Hands-on Activity Using Jupyter Notebooks to Explore Waves

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Quick Look

Grade Level: 8 (8-10)

Time Required: 1 hours 15 minutes

(60-85 minutes)

Expendable Cost/Group: US $0.00

Group Size: 1

Activity Dependency: None

Subject Areas: Biology, Computer Science, Data Analysis and Probability, Science and Technology

NGSS Performance Expectations:

NGSS Three Dimensional Triangle
MS-PS4-1

This activity requires the resource(s):

A photograph shows 5 sine waves of varying colors and frequencies. From top to bottom, the colors are: red, orange, green, blue, purple.
Waves colored like the frequencies of the visible spectrum. The bottom waves have higher frequencies than those above. The horizontal axis represents time.
copyright
Copyright © 2007 LucasBV, Public Domain, Wikimedia Commons, https://es.wikipedia.org/wiki/Sonido#/media/Archivo:Sine_waves_different_frequencies.svg

Summary

As an introduction to analyzing sinusoidal waves, students learn how to use a Jupyter Notebook. They learn how to identify the frequency, wavelength, amplitude, period, and phase of a simple sinusoidal waveform. As they learn how to label the parts and properties of the waves, they connect these characteristics of waves to various real-world wave examples such as ocean waves, visible light, and sound. Students will examine a mathematical model of a sinusoidal waveform and connect each variable to its corresponding wave property. They will manipulate each variable of the model using Python code in a Jupyter Notebook and examine the effect of changing each variable on the resulting waveform.
This engineering curriculum aligns to Next Generation Science Standards (NGSS).

Engineering Connection

Understanding the properties of waves is important for engineers who design anything from solar panels to EEG monitoring devices. For waves, it is important for engineers to understand the distinctions between different frequencies of waves and what they mean. This knowledge will help engineers to better design machines and tools to both measure and regulate waves. Using a Jupyter Notebook and Python coding also helps students learn how to employ programming into their designs.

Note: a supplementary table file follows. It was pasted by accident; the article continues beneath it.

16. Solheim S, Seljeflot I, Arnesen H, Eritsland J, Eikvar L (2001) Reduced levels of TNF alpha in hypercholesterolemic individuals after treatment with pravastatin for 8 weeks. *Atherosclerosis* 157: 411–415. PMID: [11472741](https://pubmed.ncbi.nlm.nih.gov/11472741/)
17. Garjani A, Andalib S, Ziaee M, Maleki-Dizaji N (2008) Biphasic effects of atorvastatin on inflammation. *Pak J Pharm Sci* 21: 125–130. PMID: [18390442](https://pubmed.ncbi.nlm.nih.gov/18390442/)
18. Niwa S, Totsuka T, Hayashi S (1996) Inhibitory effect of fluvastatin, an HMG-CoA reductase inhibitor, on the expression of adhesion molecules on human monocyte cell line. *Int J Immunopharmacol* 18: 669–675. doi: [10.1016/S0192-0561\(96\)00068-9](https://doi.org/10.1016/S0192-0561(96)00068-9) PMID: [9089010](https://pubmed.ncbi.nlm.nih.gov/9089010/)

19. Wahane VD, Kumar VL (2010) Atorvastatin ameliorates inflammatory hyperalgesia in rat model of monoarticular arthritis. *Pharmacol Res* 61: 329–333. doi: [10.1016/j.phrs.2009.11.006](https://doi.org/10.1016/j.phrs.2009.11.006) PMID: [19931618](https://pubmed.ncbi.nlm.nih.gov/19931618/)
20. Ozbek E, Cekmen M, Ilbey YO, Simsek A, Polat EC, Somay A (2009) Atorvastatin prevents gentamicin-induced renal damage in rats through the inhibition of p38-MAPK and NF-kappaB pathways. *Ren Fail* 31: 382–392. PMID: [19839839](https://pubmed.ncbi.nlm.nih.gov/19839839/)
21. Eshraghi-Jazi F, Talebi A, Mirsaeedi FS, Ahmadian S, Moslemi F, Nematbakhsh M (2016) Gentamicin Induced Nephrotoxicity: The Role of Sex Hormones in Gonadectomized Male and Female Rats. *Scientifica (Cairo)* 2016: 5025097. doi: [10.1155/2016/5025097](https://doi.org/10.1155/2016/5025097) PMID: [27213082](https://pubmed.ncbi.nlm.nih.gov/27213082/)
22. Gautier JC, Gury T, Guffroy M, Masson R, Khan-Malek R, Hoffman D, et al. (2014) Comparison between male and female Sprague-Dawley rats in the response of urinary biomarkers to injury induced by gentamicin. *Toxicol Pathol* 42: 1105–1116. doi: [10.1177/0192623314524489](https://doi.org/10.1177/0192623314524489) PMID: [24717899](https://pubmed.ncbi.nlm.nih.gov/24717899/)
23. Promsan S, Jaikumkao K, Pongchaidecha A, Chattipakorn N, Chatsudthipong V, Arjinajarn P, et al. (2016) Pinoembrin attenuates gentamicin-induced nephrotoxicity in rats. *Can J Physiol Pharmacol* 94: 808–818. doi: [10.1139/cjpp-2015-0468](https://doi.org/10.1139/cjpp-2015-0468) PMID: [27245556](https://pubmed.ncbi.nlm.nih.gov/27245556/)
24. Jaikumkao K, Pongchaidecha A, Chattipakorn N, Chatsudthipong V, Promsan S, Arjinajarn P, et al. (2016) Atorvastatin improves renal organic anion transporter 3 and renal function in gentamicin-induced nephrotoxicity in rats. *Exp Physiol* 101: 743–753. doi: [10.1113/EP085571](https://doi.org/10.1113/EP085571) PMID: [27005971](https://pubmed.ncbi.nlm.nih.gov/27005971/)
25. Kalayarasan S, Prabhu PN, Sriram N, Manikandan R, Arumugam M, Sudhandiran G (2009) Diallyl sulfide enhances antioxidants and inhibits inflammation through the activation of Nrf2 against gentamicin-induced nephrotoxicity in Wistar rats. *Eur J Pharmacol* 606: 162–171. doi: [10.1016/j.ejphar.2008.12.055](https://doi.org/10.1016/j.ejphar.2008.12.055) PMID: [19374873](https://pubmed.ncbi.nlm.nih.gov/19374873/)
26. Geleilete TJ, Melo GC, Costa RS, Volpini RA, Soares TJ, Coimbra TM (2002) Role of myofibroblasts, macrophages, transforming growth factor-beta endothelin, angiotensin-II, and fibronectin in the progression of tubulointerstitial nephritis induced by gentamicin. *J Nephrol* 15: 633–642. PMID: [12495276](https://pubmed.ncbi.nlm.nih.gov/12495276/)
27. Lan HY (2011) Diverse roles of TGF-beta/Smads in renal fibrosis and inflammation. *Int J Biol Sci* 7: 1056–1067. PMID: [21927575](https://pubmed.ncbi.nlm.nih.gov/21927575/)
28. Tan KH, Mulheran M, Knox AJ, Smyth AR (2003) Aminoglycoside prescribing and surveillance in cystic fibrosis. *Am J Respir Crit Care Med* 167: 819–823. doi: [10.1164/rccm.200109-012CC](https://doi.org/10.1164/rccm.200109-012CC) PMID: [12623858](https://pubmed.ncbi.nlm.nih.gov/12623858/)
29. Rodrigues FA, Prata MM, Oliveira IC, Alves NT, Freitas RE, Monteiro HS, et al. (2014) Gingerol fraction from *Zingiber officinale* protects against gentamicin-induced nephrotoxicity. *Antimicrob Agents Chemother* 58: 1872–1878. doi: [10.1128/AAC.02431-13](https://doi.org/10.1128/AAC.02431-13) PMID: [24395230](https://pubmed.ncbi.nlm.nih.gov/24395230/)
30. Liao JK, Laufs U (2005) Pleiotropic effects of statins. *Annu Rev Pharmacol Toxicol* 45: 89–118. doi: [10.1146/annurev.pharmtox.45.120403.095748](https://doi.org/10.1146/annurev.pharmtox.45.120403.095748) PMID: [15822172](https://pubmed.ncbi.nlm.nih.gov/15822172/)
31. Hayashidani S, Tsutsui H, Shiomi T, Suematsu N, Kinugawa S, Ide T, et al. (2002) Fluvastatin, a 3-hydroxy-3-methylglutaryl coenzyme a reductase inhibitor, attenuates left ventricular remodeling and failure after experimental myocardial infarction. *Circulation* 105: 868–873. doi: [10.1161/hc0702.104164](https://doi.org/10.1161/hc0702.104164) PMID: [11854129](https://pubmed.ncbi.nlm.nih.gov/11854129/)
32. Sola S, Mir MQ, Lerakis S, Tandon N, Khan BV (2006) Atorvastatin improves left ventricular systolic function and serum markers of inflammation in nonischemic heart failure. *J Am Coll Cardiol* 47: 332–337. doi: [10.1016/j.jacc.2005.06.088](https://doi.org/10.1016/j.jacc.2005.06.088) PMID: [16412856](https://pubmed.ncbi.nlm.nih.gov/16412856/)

Learning Objectives

After this activity, students should be able to:

  • Identify the parts of a wave (inflection point, period, etc.).
  • Describe the effect of changing a wave’s frequency or amplitude on the wave’s graph.
  • Describe the physical effect of changing a light or sound wave’s frequency or amplitude.
  • Recognize that scientists and engineers need knowledge of waves to design useful products.

Educational Standards

Each TeachEngineering lesson or activity is correlated to one or more K-12 science, technology, engineering or math (STEM) educational standards.

All 100,000+ K-12 STEM standards covered in TeachEngineering are collected, maintained and packaged by the Achievement Standards Network (ASN), a project of D2L (www.achievementstandards.org).

In the ASN, standards are hierarchically structured: first by source; e.g., by state; within source by type; e.g., science or mathematics; within type by subtype, then by grade, etc.

NGSS Performance Expectation

MS-PS4-1. Use mathematical representations to describe a simple model for waves that includes how the amplitude of a wave is related to the energy in a wave. (Grades 6 - 8)

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This activity focuses on the following Three Dimensional Learning aspects of NGSS:
Science & Engineering Practices Disciplinary Core Ideas Crosscutting Concepts
Use mathematical representations to describe and/or support scientific conclusions and design solutions.

Alignment agreement:

Science knowledge is based upon logical and conceptual connections between evidence and explanations.

Alignment agreement:

Analyze data using tools, technologies, and/or models (e.g., computational, mathematical) in order to make valid and reliable scientific claims or determine an optimal design solution.

Alignment agreement:

A simple wave has a repeating pattern with a specific wavelength, frequency, and amplitude.

Alignment agreement:

Graphs and charts can be used to identify patterns in data.

Alignment agreement: